I just returned from helping my friend Nan man a clan booth at the Prescott, AZ, Highland Games on Saturday. This is one of the few non-book-promotion events I’ve done over the past three years, since my first book came out, but as I recently wrote to another friend, even non-book events become promotional activities for me these days. I seem to have no shame any more.
Doing a Highland Game was a blast from the past for me, I’ll tell you. Once upon a time, I owned a Celtic gift shop in downtown Tempe, Arizona. I sold lots of tartan and Scottish clan accessories, and I attended many a Highland Game as a vendor over the years. My customers at both shop and games were often very interested in their own geneology, and I became quite adept at helping people look up information on their clans or septs or the origin of their names. After a while, I learned a frightening amount of clan and thus Scottish, Irish, and Welsh history and lore.
I must have worked 50 games over the 11 years I owned the shop. I felt it was a necessity, since I could earn as much over a two day games as I could in a week at the shop. However, vending at a game was brutal. You pay a boat-load of money for the privilege of packing up a shop-worth of goods, display furniture and tents into a van, driving to California/Utah/New Mexico/etc., setting it all up to look like a store on a wet field at 4:00 a.m. in a freezing drizzle, working your nether regions to a nub, and then packing it all up again so you can be off the field by 8:00 p.m. And you’re so busy that you don’t get to see anything of the games, either. When I gave up the shop after 11 years to become a mystery novelist, I didn’t care if I ever attended another Highland Game again.
Forward to 2008. My friend Nan, who works for my publisher, is also the Regent for the Western Region of the Clan MacLachlan and attends many of the games out here as her clan representative. When her son and usual helper couldn’t attend the Prescott games this year, she asked me if I would go with her and help set up and break down her tent and generally keep her company. Since she was in a bit of a spot, I agreed, and it turned out to be quite interesting and -dare I say it? – fun. It helped quite a bit that manning a clan booth is not nearly the ordeal that vending is. The clan tents are 10X10 affairs, standing in a long row down one side of the field, and each is manned by a clan representative who is very happy to tell you all about your heritage, give you some literature, show you your tartan, sign you up for the clan society, and sell you a tee-shirt with your clan badge on it.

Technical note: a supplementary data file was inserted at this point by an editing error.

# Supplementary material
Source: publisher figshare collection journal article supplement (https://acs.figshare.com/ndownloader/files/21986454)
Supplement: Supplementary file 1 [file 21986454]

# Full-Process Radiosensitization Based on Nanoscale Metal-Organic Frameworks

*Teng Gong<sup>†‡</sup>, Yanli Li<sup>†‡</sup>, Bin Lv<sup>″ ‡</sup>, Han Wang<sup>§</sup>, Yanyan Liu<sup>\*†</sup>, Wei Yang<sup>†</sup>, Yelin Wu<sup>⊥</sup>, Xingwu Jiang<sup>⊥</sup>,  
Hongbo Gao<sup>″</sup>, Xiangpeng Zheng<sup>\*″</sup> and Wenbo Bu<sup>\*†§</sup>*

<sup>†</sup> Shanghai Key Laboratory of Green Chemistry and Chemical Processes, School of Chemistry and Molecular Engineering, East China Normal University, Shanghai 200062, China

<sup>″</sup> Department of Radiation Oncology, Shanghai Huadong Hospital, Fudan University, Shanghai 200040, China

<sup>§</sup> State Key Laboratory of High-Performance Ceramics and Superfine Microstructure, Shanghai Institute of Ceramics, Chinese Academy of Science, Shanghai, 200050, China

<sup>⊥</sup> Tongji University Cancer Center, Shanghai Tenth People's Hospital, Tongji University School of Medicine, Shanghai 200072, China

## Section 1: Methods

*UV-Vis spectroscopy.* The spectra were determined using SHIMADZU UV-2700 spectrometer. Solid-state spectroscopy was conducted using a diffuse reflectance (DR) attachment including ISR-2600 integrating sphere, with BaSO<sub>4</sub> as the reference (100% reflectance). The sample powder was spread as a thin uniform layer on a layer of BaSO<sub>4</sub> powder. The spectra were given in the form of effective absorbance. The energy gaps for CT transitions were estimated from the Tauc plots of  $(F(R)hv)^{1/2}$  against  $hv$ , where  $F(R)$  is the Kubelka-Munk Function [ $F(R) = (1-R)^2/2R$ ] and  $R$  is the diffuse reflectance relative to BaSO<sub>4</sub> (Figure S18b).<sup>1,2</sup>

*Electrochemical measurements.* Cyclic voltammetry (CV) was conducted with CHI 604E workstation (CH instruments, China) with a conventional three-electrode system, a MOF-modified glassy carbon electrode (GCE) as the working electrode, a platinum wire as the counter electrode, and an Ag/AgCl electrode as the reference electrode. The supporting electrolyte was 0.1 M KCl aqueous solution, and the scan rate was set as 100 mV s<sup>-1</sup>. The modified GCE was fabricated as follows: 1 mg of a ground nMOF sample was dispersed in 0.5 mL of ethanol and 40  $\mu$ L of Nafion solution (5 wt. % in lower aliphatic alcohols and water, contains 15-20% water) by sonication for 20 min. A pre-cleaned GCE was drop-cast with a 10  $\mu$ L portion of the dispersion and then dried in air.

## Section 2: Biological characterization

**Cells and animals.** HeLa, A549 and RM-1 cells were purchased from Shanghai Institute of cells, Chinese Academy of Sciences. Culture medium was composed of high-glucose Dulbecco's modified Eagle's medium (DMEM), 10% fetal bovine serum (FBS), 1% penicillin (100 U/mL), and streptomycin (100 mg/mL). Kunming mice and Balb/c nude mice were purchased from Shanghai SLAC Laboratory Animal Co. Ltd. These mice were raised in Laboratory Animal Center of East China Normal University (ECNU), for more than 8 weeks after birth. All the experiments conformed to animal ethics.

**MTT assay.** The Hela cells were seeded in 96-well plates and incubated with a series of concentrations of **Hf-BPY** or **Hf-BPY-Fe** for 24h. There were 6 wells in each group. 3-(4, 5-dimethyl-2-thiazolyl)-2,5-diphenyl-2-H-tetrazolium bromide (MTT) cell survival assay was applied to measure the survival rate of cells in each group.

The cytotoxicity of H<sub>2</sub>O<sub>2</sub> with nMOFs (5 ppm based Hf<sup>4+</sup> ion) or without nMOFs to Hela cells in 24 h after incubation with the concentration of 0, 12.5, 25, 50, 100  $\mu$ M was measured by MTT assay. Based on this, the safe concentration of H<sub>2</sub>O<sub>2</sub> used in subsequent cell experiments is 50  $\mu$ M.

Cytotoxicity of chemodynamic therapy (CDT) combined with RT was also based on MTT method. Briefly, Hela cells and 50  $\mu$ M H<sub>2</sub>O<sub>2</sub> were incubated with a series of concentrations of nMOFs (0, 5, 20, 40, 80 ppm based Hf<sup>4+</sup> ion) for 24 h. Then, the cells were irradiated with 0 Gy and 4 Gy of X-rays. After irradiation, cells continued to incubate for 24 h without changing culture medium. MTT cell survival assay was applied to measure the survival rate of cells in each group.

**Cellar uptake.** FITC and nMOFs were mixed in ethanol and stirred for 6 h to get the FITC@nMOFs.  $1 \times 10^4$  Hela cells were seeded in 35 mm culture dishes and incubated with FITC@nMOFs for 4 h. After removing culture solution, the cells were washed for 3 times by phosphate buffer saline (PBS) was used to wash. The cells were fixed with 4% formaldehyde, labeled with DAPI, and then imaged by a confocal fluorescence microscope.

Long shory shorter, the MacLachlan booth was pretty busy all day. Nan is quite the expert on Clan MacLachlan, which I am not, but I was amazed at how much I remembered about general Scottish and Irish names and lore, (Red Hand of Ulster, anyone?) and how I still seem to be able to identify a tartan at 50 paces. And at long last, I was able to take an occasional break and walk around to see the caber toss, the pipe bands and musicians, and the sheep-dog herding. There was Highland and Scottish Country dancing, too, but that venue was located up a long hill, and since Prescott is at a high elevation and I’m not as ambitious as I used to be, I found it too uphill for me. We were able to pack up and leave at about 5:00 p.m., and made the drive back to Tempe in a couple of hours. We were both pretty tired, but nothing like the verge of complete physical breakdown I had come to associate with games.
The timing of this trip was interesting, because I’m just beginning a fifth Alafair book that has a Scottish character in it, and as you know, Faithful Reader, Alafair is of Scottish descent herself. The Prescott Games re-activated some dormant parts of my brain that are going to come in pretty handy.